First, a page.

Living with the Polytunnel

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Living with the Polytunnel

With the tunnel now built, beds in, and our first long awaited crop of garlics finally planted, we began to customise the tunnel to suit our requirements. We knew we wanted grapevines as we still found the ability to grow grapes in this country a bit of a novelty, so the sister company of the company that sold us the polytunnel supplied us with 2 strong grapevines in ‘voucher form’ as compensation for having seriously messed up our initial polytunnel order (half the tubes had gone missing and we couldn’t contact the company for weeks).

With grapes and garlics planted, and boxes and boxes of seeds ordered and enthusiasm growing, Deb and I embarked on our annual early winter pilgrimage to Lille in France where we like to visit the Christmas markets. Before we’d gone though, we’d fixed a CCTV camera to our greenhouse pointing at the polytunnel. This meant we could see the tunnel and the orchard from anywhere in the world on our mobile phones.

In late November 2021, and with ourselves ensconced in one of our favourite French bars, our CCTV alarm on our phones had gone off. The previously discussed ‘Storm Arwen’ had just landed in the country and we could see from the CCTV that the doors of the tunnel were wide open, despite having been firmly shut when we left. We also saw that other parts of the garden had seen damage with shed roof felt ripped off, doors blown open and pots rolling around.

A text message to a very good friend (with us in a bit of a panic being so incapable so far away) saw our friend and her eldest daughter, venture into the winds to try and secure our tunnel before it blew away. We’d literally only had it up for 5 or 6 weeks at this stage. We watched the pair on CCTV physically battle the winds and they somehow managed to barricade both ends (it turned out the far end had blown open too).

Another neighbour also messaged us during this storm to tell us that our IBC redeployed ‘water tank’ at the far outer edge of the tunnel, had blown against the tunnel. This neighbour, a very fit gentleman in his late 60’s, managed to pull the IBC away (it weighs over 100Kg even empty) with just a small piercing in the plastic.

Upon our return a few days later we assessed the damage and remarkably, we’d got away quite lightly. We had to make some repairs to the doors and fit better latches and hinges, but the only other noticeable damage seemed to be a deep scoring of the plastic about halfway along the tunnel which looked like debris, or an animal, had bounced along the top. Neighbours told us it had been one of the worst storms of recent years with several suggesting gusts may have reached 100mph. Typical.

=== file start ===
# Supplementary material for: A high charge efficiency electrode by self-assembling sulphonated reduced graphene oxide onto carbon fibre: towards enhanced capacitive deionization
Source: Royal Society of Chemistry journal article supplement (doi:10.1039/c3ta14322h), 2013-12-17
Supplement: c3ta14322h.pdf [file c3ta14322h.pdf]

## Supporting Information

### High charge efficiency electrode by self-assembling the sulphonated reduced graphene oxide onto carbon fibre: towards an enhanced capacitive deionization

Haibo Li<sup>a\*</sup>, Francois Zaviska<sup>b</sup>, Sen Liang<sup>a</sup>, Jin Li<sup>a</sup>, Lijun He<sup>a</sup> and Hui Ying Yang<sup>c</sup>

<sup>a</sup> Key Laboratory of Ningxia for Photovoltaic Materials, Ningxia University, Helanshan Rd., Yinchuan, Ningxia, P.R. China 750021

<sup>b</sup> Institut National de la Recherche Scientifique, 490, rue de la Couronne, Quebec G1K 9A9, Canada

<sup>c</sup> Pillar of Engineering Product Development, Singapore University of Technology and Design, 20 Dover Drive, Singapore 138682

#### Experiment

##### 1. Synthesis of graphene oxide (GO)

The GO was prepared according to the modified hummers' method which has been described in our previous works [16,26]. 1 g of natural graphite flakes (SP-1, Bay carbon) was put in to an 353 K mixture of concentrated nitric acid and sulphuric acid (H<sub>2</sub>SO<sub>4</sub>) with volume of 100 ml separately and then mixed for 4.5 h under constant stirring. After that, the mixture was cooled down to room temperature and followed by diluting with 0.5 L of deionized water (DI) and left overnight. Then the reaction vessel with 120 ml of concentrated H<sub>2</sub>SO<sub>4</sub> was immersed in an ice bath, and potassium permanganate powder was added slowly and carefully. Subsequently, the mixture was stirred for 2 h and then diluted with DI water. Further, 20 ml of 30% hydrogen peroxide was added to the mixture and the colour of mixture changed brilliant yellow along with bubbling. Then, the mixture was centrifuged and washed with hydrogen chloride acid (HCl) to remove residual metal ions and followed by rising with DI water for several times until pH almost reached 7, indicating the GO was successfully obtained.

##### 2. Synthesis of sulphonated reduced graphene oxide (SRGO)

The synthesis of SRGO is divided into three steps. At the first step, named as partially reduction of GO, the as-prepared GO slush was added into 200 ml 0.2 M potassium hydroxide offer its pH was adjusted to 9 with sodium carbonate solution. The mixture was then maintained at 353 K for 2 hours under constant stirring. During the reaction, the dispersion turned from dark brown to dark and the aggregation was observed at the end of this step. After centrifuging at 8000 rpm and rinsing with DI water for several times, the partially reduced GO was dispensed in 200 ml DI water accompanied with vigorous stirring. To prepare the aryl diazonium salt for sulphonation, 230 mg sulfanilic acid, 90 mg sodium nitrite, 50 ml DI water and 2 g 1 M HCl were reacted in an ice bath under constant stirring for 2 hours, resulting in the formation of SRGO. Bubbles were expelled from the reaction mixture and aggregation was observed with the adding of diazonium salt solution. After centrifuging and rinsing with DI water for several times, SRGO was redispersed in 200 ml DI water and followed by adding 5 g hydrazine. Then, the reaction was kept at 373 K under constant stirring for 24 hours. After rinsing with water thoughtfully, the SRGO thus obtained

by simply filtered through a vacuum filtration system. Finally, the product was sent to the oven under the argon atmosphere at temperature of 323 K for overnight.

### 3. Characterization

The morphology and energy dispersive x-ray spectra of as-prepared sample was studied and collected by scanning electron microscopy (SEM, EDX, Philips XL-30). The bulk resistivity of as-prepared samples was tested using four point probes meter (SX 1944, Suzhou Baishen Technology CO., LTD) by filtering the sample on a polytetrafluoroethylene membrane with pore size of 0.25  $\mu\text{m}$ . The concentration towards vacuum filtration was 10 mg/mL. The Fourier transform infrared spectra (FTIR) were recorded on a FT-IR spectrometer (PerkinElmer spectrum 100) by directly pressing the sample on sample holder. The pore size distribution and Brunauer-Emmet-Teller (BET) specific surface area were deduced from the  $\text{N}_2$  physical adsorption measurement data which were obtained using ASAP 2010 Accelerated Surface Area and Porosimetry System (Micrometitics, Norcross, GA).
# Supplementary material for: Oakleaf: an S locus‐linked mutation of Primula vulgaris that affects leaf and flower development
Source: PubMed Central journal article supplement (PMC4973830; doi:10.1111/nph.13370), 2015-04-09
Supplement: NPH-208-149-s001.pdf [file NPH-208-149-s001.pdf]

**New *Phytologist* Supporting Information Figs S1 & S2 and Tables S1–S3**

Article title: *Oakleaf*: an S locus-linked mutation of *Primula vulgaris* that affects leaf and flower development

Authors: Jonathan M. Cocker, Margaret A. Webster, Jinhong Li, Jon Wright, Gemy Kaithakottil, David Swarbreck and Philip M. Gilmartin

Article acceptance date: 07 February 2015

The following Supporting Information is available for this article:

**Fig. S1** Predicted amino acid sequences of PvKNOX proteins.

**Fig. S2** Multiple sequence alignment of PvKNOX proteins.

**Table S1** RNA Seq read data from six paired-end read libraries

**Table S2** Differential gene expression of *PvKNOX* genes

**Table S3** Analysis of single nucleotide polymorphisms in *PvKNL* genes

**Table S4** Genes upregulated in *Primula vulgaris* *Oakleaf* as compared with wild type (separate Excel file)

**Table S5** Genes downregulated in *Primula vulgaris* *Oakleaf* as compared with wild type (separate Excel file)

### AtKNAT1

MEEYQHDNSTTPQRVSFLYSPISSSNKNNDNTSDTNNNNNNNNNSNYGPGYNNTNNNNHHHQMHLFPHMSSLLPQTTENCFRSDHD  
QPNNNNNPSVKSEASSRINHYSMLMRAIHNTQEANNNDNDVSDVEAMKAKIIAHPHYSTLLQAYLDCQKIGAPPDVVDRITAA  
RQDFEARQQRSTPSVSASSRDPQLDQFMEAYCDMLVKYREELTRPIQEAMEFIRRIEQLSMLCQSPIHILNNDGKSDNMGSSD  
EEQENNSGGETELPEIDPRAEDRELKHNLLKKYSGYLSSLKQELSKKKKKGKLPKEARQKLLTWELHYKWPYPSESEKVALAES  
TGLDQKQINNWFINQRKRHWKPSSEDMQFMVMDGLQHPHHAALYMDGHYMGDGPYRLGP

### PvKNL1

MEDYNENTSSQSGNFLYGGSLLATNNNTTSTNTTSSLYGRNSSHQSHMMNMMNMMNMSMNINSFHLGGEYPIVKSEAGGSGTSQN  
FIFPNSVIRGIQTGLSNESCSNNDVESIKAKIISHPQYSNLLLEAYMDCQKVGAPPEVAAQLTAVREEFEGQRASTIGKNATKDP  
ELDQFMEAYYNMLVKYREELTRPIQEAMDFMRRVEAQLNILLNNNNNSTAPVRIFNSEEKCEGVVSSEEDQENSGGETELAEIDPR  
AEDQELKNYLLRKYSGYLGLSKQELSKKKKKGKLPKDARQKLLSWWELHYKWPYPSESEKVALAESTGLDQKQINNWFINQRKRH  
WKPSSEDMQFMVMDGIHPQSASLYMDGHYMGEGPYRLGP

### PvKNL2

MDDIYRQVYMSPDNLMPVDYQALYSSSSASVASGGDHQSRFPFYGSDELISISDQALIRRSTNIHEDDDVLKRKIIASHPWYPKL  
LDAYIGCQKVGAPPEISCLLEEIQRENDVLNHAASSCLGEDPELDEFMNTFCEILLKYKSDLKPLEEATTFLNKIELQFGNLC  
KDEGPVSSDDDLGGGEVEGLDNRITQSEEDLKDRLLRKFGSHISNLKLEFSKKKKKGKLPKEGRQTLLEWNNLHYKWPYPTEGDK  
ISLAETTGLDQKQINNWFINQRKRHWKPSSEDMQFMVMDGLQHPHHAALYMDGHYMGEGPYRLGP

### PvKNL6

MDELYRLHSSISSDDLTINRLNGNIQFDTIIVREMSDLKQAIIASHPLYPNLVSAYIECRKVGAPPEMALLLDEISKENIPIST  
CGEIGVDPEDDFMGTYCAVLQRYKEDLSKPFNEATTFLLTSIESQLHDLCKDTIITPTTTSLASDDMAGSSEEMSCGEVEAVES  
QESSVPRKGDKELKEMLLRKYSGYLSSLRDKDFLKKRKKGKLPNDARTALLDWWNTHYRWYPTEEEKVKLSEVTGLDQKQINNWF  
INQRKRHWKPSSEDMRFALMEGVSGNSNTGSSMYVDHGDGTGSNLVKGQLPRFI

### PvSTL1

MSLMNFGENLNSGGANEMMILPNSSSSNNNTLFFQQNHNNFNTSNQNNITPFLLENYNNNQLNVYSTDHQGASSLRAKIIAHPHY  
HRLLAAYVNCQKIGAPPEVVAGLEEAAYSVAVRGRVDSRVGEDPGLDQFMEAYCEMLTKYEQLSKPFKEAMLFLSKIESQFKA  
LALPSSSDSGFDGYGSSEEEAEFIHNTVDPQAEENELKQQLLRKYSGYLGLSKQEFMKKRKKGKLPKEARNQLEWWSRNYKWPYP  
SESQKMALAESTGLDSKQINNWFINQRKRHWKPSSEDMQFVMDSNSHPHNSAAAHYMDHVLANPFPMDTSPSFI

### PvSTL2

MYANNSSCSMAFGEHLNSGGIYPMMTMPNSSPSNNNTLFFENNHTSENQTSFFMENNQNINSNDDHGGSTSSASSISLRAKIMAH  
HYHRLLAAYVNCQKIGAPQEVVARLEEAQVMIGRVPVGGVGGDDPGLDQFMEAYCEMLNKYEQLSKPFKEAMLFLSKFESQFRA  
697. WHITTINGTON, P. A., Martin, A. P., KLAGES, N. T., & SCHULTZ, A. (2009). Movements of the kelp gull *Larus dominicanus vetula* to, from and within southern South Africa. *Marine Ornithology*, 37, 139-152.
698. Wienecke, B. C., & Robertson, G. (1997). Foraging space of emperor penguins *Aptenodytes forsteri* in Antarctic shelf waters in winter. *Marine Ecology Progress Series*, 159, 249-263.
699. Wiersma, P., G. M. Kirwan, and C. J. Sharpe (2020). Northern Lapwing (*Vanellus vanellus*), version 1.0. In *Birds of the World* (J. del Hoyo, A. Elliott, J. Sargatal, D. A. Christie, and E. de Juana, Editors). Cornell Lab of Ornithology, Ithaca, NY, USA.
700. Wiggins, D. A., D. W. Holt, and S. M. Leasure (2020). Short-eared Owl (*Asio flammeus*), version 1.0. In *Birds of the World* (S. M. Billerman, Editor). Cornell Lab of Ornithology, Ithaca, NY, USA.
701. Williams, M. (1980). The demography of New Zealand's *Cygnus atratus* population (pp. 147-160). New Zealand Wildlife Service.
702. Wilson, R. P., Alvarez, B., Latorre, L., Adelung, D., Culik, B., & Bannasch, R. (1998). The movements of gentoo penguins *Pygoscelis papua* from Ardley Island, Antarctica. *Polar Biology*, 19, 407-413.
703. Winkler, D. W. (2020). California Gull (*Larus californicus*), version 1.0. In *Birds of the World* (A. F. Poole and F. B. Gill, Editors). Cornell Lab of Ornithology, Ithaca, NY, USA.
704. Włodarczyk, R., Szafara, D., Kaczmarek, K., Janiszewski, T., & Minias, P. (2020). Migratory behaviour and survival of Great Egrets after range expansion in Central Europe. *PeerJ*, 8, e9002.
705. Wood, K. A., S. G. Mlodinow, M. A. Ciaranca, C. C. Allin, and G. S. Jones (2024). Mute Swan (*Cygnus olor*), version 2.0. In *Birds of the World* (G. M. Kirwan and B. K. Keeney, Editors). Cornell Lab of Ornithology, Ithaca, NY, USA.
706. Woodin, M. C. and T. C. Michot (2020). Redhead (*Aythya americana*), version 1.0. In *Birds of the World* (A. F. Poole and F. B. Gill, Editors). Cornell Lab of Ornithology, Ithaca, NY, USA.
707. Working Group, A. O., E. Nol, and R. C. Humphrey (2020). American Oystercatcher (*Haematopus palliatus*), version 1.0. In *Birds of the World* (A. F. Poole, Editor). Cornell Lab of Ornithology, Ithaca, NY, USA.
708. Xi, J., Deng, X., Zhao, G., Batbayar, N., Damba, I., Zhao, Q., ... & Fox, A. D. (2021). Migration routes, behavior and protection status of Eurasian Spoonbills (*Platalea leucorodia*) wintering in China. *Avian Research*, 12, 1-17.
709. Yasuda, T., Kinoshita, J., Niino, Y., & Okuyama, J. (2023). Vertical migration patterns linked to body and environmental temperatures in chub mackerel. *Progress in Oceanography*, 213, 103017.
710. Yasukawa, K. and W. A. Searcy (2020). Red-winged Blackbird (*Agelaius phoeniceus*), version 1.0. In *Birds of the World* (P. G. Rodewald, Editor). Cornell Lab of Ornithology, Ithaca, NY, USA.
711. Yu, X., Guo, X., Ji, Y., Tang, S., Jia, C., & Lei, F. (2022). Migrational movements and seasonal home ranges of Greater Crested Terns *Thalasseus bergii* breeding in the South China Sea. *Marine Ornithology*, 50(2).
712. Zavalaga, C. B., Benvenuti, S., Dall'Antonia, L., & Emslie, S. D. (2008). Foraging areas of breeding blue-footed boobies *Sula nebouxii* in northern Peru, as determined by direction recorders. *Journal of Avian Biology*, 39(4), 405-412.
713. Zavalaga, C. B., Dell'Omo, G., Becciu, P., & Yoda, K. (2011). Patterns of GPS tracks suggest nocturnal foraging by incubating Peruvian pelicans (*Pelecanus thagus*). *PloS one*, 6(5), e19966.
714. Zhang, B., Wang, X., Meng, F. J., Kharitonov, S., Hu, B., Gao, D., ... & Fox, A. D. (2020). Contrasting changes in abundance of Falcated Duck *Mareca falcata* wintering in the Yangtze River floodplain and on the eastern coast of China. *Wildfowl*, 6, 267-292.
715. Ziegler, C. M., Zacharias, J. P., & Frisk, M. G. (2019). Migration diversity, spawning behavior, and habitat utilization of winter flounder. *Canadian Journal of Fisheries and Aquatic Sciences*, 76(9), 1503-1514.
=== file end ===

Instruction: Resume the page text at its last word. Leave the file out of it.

A few days after arriving home, a 2nd named storm of the year was announced, this time named ‘Barra’. This was our first experience actually being physically next to the tunnel during a storm and we observed several improvements that we could make once the weather passed.

The first was to raise the soil levels inside the tunnel in the beds, and also add bark and woodchip along the outside edge. This helped secure the plastic a little better by giving the total depth buried, a few more inches. We also added pipe lagging to some of the upright bars to make the plastic more taught on the northern edge of the tunnel and we also created diagonal cross bars in each of the door sections meaning wind didn’t have such large areas of undivided plastic in the doors to attack. We also added rachet straps on the inside from storm bars at each end to our waist heigh ‘herb trug’ and our old wooden potting bench at the other end. For these to be lifted would take some significant wind strength and it at least meant we had greater confidence in the frame itself staying put.

We carried on making continual improvements in the coming months and coming years. Storm Eunice came in early 2022 and on that occasion, we were again both away visiting family and clients in London but the weather warning was so severe for that storm, that we turned around and drove the 260 miles straight home in readiness. Luckily, and despite 83mph winds, the tunnel again held up incredibly well.

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